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Medline ® Abstract for Reference 15

of 'Musculoskeletal manifestations of amyloidosis'

Amyloid myopathy masquerading as polymyositis.
Mandl LA, Folkerth RD, Pick MA, Weinblatt ME, Gravallese EM
J Rheumatol. 2000;27(4):949.
OBJECTIVE: It is not well appreciated that the clinical presentation of amyloid myopathy can mimic that of polymyositis. By retrospective clinicopathologic analysis we determined distinctive features of amyloid myopathy that differentiate the 2 diseases.
METHODS: Two patients with clinical and histologic evidence of an inflammatory myopathy had fatal outcomes despite appropriate treatment for polymyositis. Their clinical course and original pathologic specimens were reviewed. In addition, original tissue samples were obtained and analyzed using Congo red staining and immunoperoxidase.
RESULTS: The initial diagnosis of polymyositis was supported in both cases by muscle biopsies showing inflammatory infiltrates and elevations of creatine phosphokinase and by classic electromyography. Retrospective evaluation of the initial muscle biopsies disclosed subtle but incontrovertible evidence of vascular amyloid. Further analysis of the original specimens confirmed the presence of immunoglobin light chain (AL) amyloid.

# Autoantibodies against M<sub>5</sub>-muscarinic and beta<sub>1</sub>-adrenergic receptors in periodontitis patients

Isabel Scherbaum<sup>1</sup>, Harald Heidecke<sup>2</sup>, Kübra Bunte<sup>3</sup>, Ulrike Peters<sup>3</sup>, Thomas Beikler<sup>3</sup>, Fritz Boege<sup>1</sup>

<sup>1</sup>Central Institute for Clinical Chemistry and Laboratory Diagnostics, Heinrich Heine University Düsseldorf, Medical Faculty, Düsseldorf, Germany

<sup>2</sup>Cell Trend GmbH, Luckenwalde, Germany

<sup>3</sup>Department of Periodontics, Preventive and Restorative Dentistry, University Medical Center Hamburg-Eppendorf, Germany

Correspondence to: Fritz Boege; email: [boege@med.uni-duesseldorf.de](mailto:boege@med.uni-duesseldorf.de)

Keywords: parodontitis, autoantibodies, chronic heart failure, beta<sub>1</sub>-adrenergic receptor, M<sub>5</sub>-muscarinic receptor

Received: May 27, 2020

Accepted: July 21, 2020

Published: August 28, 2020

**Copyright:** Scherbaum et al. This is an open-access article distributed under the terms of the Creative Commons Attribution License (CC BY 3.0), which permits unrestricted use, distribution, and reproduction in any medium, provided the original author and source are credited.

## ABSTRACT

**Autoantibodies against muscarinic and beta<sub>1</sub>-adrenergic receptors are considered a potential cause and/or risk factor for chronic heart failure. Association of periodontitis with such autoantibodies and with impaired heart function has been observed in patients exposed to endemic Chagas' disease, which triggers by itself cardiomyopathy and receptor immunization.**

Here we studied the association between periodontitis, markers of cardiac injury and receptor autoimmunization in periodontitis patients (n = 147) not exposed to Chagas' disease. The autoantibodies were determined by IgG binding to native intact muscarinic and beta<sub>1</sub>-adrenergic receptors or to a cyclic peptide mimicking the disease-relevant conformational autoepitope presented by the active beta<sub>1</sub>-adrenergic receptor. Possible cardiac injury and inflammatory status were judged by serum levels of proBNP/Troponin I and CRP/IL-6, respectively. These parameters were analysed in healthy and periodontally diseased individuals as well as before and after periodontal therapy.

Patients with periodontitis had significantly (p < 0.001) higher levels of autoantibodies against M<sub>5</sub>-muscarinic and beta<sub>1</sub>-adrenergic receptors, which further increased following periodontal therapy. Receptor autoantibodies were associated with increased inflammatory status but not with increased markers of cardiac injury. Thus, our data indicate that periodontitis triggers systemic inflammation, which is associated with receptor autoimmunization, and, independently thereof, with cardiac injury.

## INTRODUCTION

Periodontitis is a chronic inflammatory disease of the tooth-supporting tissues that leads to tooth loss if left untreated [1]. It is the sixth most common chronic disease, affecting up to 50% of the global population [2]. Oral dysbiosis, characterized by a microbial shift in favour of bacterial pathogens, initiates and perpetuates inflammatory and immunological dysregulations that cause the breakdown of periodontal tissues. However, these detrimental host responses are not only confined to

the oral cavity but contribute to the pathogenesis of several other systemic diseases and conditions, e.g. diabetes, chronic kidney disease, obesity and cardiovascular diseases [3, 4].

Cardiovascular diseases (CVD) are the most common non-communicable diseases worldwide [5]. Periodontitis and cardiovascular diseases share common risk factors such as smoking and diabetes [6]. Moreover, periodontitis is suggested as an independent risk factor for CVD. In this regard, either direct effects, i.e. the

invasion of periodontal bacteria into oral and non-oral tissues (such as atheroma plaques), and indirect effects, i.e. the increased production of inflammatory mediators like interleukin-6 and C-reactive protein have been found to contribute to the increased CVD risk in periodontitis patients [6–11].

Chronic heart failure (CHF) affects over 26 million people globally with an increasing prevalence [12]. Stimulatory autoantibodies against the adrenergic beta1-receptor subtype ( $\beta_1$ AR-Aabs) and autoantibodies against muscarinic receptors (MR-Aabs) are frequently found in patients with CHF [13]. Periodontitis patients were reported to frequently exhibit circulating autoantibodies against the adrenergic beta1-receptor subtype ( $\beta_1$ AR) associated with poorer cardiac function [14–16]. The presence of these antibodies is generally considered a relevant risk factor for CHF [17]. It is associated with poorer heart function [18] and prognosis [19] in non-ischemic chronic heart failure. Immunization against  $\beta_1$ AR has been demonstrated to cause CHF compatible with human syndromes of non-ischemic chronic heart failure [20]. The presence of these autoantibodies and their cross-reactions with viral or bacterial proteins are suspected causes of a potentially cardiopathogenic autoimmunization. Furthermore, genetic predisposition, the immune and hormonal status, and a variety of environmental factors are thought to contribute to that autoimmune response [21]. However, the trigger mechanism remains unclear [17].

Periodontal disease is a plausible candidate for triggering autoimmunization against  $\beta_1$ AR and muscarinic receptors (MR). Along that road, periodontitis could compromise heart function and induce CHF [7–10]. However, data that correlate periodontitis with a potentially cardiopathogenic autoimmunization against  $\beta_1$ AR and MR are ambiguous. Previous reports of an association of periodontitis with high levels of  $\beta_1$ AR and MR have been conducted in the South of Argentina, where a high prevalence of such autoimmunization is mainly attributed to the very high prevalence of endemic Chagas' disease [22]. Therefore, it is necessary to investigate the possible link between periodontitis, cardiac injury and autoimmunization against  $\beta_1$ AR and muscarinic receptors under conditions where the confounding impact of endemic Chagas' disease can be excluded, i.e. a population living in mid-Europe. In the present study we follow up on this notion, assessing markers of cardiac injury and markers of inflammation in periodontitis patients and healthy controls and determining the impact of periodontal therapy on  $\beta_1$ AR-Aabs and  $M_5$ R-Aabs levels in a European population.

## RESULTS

CONCLUSION: Amyloid myopathy can mimic polymyositis. Both can have similar clinical symptoms, as well as inflammatory infiltrates on muscle biopsy. Failure to recognize amyloid myopathy deprives patients of potentially life prolonging treatment. Congo red staining and immunohistochemical analysis of tissue could prevent misdiagnosis.
Department of Medicine, Brigham and Women's Hospital, Harvard Medical School, Boston, Massachusetts, USA.